At first glance, the Own Risk and Solvency Assessment (ORSA) seems like an unnecessary redundancy. For some firms, they will have looked at the Standard formula for capital adequacy and then looked again at the Internal Model and the Economic Capital. And on all of those views, the firm has sufficient solvency margin.
But the problem that ORSA solves is a problem that is so very fundamental that we have almost completely forgotten that it exists. That problem is that all of the traditional ways of looking at capital adequacy look at the wrong thing. Yes, you heard that right, we have always and will continue to focus on the wrong thing when we assess capital adequacy.
The basis for capital assessment is the wrong view because it looks backwards. We already know that the firm survived the past year. What we really need to know is whether the firm can survive the next year and probably the one after that.
The traditional backwards looking solvency assessment tradition started when there was no viable alternative. It is a good basis for looking at solvency under only a few possible futures. Fortunately, many firms broadly operate within the range of futures.
For the backwards looking approach to solvency to have any validity, the future of the firm needs to be very much like the past of the firm. Firms need capital more for the future than for the past and the balance sheet is more about the past of the firm than the future. So a capital regime that is tied to the balance sheet is useful only to the firms whose future does not materially change their balance sheet.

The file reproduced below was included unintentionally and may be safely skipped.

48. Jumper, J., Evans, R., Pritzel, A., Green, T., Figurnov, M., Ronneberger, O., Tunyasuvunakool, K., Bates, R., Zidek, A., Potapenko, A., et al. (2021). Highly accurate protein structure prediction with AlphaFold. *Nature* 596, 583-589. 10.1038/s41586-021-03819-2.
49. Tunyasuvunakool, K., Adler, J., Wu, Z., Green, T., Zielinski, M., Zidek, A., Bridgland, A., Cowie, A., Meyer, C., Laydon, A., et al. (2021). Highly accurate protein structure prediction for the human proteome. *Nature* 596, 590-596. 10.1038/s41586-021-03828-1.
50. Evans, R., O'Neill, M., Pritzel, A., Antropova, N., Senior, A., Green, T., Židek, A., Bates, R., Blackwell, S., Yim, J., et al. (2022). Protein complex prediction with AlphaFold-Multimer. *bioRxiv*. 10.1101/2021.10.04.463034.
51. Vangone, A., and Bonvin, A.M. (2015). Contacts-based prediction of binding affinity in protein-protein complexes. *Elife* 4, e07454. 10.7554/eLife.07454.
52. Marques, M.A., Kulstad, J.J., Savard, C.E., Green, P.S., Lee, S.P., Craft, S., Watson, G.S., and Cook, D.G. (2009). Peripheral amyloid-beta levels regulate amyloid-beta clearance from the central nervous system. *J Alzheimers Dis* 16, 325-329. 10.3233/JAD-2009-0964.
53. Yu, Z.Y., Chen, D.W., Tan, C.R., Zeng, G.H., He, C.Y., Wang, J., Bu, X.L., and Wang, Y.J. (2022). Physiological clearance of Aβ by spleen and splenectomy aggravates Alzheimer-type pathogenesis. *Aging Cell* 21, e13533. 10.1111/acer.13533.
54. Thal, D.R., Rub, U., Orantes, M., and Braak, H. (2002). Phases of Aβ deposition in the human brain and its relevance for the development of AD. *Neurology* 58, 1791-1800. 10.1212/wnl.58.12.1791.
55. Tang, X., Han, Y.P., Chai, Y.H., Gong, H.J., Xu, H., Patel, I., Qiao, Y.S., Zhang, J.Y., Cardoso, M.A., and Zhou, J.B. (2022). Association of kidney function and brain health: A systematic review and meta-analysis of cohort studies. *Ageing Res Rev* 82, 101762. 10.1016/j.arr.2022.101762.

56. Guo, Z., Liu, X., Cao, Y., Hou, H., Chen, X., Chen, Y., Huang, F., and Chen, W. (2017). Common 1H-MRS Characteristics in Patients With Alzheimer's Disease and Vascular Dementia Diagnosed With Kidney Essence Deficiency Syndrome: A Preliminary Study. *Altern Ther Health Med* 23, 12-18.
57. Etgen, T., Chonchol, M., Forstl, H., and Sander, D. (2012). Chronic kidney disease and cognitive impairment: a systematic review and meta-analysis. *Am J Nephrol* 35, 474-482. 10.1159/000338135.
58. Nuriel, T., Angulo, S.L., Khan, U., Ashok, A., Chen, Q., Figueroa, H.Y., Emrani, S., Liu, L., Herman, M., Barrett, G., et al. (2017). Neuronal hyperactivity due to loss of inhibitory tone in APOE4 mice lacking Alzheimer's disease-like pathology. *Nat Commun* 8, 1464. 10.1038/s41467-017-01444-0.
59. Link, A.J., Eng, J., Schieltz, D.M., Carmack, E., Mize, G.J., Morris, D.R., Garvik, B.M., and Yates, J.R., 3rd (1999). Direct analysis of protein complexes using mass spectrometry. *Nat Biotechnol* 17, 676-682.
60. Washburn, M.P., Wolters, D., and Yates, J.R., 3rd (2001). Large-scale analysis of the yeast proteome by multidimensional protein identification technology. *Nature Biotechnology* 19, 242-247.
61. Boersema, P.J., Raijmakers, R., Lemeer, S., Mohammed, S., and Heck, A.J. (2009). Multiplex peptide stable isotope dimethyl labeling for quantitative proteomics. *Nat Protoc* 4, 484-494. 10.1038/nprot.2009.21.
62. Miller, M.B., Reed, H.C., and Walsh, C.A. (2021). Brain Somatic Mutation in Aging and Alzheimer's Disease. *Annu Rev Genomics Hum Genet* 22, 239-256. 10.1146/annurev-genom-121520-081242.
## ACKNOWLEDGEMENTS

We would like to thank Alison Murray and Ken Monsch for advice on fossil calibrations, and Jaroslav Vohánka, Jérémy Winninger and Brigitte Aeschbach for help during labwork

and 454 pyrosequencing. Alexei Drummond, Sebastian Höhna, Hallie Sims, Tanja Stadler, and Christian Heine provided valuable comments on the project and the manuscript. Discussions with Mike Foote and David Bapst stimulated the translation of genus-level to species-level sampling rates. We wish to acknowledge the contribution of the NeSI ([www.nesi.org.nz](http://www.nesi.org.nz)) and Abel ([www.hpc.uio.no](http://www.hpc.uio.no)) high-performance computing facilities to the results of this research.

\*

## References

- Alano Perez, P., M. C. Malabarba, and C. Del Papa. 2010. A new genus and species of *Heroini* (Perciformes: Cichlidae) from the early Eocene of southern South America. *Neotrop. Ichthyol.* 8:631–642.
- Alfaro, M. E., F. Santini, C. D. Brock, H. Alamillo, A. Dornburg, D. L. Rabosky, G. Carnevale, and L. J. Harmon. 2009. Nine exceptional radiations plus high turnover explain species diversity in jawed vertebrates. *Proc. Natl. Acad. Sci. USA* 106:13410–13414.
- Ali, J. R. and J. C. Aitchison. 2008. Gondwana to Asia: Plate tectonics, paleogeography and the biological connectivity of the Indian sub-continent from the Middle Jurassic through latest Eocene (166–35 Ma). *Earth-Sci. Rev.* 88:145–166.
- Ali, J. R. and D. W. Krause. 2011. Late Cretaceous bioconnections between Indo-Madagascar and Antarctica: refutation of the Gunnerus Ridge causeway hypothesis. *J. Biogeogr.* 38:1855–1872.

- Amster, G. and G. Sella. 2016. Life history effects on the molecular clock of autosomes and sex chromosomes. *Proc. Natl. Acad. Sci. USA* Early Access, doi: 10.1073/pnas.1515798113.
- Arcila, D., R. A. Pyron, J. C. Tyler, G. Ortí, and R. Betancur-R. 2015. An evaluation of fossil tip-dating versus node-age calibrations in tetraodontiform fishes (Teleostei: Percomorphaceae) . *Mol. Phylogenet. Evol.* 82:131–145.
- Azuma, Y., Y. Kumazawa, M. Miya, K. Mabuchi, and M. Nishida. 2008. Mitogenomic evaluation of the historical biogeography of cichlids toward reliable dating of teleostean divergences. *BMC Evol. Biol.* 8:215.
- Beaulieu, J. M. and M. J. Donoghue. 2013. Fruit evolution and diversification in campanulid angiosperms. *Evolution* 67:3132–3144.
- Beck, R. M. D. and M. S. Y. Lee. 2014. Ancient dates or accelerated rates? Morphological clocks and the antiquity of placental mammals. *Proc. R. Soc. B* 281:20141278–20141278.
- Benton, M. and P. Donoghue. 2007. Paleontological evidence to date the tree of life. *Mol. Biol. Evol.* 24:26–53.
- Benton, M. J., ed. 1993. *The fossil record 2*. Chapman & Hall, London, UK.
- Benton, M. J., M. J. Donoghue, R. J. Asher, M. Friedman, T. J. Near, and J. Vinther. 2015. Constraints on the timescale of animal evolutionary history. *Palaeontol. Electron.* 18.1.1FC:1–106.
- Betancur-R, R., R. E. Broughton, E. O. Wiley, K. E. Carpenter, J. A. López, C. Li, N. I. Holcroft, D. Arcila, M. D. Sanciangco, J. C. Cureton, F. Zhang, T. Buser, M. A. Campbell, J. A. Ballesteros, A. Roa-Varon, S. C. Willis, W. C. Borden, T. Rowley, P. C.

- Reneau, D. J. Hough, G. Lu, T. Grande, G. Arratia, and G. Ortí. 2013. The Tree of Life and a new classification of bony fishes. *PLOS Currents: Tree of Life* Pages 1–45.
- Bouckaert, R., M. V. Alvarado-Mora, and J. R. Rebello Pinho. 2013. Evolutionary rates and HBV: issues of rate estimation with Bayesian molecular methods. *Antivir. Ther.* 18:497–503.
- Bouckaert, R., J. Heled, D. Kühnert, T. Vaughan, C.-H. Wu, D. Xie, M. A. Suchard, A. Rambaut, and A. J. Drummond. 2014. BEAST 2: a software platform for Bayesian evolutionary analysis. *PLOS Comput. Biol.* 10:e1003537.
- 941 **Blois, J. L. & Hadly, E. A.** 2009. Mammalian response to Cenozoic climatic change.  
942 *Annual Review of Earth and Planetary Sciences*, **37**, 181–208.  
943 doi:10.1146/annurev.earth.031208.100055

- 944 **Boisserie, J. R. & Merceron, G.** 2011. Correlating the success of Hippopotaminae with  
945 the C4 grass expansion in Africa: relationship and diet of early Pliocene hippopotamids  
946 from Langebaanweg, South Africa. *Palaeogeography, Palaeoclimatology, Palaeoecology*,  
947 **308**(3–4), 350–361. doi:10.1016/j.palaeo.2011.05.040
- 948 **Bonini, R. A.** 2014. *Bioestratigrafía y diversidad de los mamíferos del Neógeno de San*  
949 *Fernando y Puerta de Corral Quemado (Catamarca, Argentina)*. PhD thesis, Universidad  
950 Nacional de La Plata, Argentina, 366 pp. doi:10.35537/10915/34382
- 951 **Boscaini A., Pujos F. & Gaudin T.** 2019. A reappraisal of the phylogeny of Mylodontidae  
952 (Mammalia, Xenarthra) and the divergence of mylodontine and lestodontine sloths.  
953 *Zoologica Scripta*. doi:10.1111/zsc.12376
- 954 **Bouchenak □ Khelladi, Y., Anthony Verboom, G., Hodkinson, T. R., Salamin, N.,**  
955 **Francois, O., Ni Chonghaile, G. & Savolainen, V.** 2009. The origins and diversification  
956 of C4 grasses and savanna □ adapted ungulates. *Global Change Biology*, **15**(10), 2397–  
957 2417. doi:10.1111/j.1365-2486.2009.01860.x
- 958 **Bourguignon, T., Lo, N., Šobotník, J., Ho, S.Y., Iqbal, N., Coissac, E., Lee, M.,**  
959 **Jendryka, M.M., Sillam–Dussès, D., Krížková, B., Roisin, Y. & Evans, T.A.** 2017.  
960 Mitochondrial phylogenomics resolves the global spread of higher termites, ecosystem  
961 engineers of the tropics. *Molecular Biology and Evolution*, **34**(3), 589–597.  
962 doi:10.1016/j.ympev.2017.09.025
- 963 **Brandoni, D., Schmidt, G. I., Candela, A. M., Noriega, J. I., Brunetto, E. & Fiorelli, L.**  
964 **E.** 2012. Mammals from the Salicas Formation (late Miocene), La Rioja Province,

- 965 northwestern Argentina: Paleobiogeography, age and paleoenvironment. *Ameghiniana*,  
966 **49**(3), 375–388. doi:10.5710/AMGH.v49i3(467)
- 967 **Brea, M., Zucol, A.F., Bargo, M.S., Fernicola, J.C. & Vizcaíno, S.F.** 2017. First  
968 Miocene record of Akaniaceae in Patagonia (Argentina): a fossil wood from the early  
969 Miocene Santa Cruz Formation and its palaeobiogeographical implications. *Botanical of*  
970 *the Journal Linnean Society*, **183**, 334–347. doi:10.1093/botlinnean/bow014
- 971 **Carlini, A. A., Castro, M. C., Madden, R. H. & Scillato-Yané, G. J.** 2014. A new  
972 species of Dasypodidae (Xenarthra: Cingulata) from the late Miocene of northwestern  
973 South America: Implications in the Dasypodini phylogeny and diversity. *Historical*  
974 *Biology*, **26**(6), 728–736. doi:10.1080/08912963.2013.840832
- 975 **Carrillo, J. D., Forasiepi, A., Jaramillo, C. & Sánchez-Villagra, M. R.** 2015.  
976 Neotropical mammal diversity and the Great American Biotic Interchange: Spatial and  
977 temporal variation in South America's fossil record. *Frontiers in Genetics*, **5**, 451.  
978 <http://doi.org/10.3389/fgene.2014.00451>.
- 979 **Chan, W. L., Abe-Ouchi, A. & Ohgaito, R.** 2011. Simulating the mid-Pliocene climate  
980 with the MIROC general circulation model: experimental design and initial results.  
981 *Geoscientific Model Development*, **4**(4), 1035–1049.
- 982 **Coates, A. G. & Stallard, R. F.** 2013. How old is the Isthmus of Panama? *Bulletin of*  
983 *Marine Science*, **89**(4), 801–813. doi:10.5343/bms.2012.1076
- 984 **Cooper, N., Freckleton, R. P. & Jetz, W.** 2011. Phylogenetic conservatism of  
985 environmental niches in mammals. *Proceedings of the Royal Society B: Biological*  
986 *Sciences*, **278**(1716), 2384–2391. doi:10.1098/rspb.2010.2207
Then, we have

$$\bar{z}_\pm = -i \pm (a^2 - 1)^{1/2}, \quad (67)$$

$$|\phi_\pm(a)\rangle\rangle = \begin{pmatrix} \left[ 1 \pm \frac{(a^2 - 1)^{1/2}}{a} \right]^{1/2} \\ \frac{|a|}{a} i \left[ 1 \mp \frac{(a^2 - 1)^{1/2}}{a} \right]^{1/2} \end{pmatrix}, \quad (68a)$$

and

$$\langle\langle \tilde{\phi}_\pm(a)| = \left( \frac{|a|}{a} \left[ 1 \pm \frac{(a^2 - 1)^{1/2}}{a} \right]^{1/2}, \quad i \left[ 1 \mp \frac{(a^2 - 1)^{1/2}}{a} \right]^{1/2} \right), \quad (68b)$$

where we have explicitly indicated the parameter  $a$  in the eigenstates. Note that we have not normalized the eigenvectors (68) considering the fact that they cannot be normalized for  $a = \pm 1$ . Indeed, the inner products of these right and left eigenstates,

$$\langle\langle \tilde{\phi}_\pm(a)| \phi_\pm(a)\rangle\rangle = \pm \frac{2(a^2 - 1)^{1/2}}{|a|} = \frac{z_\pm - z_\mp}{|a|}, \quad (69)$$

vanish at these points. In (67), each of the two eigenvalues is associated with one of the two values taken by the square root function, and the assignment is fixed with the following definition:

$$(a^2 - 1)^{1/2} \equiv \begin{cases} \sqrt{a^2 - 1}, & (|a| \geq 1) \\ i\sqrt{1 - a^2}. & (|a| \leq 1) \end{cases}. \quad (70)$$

But wait, the only time when that capital is needed is when the balance sheet DOES change materially.
So ORSA shifts the question of solvency from the past to the future.
The second thing that ORSA does is to shift the burden of determining adequacy of capital from the regulator to the board and management. With the ORSA, the board and management will never again have the excuse that they thought everything was fine because they met the standards of the regulators. The ORSA requires the board and management to assert, IN THEIR OWN OPINION, that the firm has sufficient capital for its own risks AND its own risk management systems. Prior regimes allowed management to pass a test set by the regulator and thereby show adequacy of capital. Even if the test did not pick up on some new risk that management was totally aware of but which was not at all recognized by the regulatory formula.
Now that is a game changer.